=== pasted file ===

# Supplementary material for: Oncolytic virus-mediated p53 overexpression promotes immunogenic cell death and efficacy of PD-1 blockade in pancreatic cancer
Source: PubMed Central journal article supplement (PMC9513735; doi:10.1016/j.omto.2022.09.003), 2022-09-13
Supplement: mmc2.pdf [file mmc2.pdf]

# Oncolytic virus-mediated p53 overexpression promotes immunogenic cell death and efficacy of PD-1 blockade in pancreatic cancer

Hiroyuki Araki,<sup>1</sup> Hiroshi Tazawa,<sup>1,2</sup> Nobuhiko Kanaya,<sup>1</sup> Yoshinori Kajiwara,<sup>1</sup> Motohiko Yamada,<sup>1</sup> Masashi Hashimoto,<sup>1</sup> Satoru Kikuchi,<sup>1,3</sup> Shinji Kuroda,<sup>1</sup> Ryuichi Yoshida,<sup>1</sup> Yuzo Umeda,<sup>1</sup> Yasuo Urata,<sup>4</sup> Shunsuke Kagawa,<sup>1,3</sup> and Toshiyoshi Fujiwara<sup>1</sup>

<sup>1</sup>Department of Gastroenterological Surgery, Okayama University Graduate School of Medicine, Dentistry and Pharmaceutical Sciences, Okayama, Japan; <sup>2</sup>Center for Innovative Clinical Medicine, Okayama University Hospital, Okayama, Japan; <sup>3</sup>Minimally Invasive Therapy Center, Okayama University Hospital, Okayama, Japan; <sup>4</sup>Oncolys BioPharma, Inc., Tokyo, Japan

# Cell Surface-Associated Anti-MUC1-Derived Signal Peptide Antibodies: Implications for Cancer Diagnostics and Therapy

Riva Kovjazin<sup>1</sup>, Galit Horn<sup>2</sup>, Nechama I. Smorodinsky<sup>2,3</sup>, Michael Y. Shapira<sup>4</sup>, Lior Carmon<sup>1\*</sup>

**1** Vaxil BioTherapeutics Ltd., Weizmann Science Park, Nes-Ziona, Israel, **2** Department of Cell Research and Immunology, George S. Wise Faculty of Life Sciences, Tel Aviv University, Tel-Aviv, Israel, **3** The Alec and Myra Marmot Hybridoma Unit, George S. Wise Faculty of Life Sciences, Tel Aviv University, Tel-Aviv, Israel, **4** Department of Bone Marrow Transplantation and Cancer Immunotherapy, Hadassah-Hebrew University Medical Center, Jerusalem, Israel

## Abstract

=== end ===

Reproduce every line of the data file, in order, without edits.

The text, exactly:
# Supplementary material for: Oncolytic virus-mediated p53 overexpression promotes immunogenic cell death and efficacy of PD-1 blockade in pancreatic cancer
Source: PubMed Central journal article supplement (PMC9513735; doi:10.1016/j.omto.2022.09.003), 2022-09-13
Supplement: mmc2.pdf [file mmc2.pdf]

# Oncolytic virus-mediated p53 overexpression promotes immunogenic cell death and efficacy of PD-1 blockade in pancreatic cancer

Hiroyuki Araki,<sup>1</sup> Hiroshi Tazawa,<sup>1,2</sup> Nobuhiko Kanaya,<sup>1</sup> Yoshinori Kajiwara,<sup>1</sup> Motohiko Yamada,<sup>1</sup> Masashi Hashimoto,<sup>1</sup> Satoru Kikuchi,<sup>1,3</sup> Shinji Kuroda,<sup>1</sup> Ryuichi Yoshida,<sup>1</sup> Yuzo Umeda,<sup>1</sup> Yasuo Urata,<sup>4</sup> Shunsuke Kagawa,<sup>1,3</sup> and Toshiyoshi Fujiwara<sup>1</sup>

<sup>1</sup>Department of Gastroenterological Surgery, Okayama University Graduate School of Medicine, Dentistry and Pharmaceutical Sciences, Okayama, Japan; <sup>2</sup>Center for Innovative Clinical Medicine, Okayama University Hospital, Okayama, Japan; <sup>3</sup>Minimally Invasive Therapy Center, Okayama University Hospital, Okayama, Japan; <sup>4</sup>Oncolys BioPharma, Inc., Tokyo, Japan

# Cell Surface-Associated Anti-MUC1-Derived Signal Peptide Antibodies: Implications for Cancer Diagnostics and Therapy

Riva Kovjazin<sup>1</sup>, Galit Horn<sup>2</sup>, Nechama I. Smorodinsky<sup>2,3</sup>, Michael Y. Shapira<sup>4</sup>, Lior Carmon<sup>1\*</sup>

**1** Vaxil BioTherapeutics Ltd., Weizmann Science Park, Nes-Ziona, Israel, **2** Department of Cell Research and Immunology, George S. Wise Faculty of Life Sciences, Tel Aviv University, Tel-Aviv, Israel, **3** The Alec and Myra Marmot Hybridoma Unit, George S. Wise Faculty of Life Sciences, Tel Aviv University, Tel-Aviv, Israel, **4** Department of Bone Marrow Transplantation and Cancer Immunotherapy, Hadassah-Hebrew University Medical Center, Jerusalem, Israel

## Abstract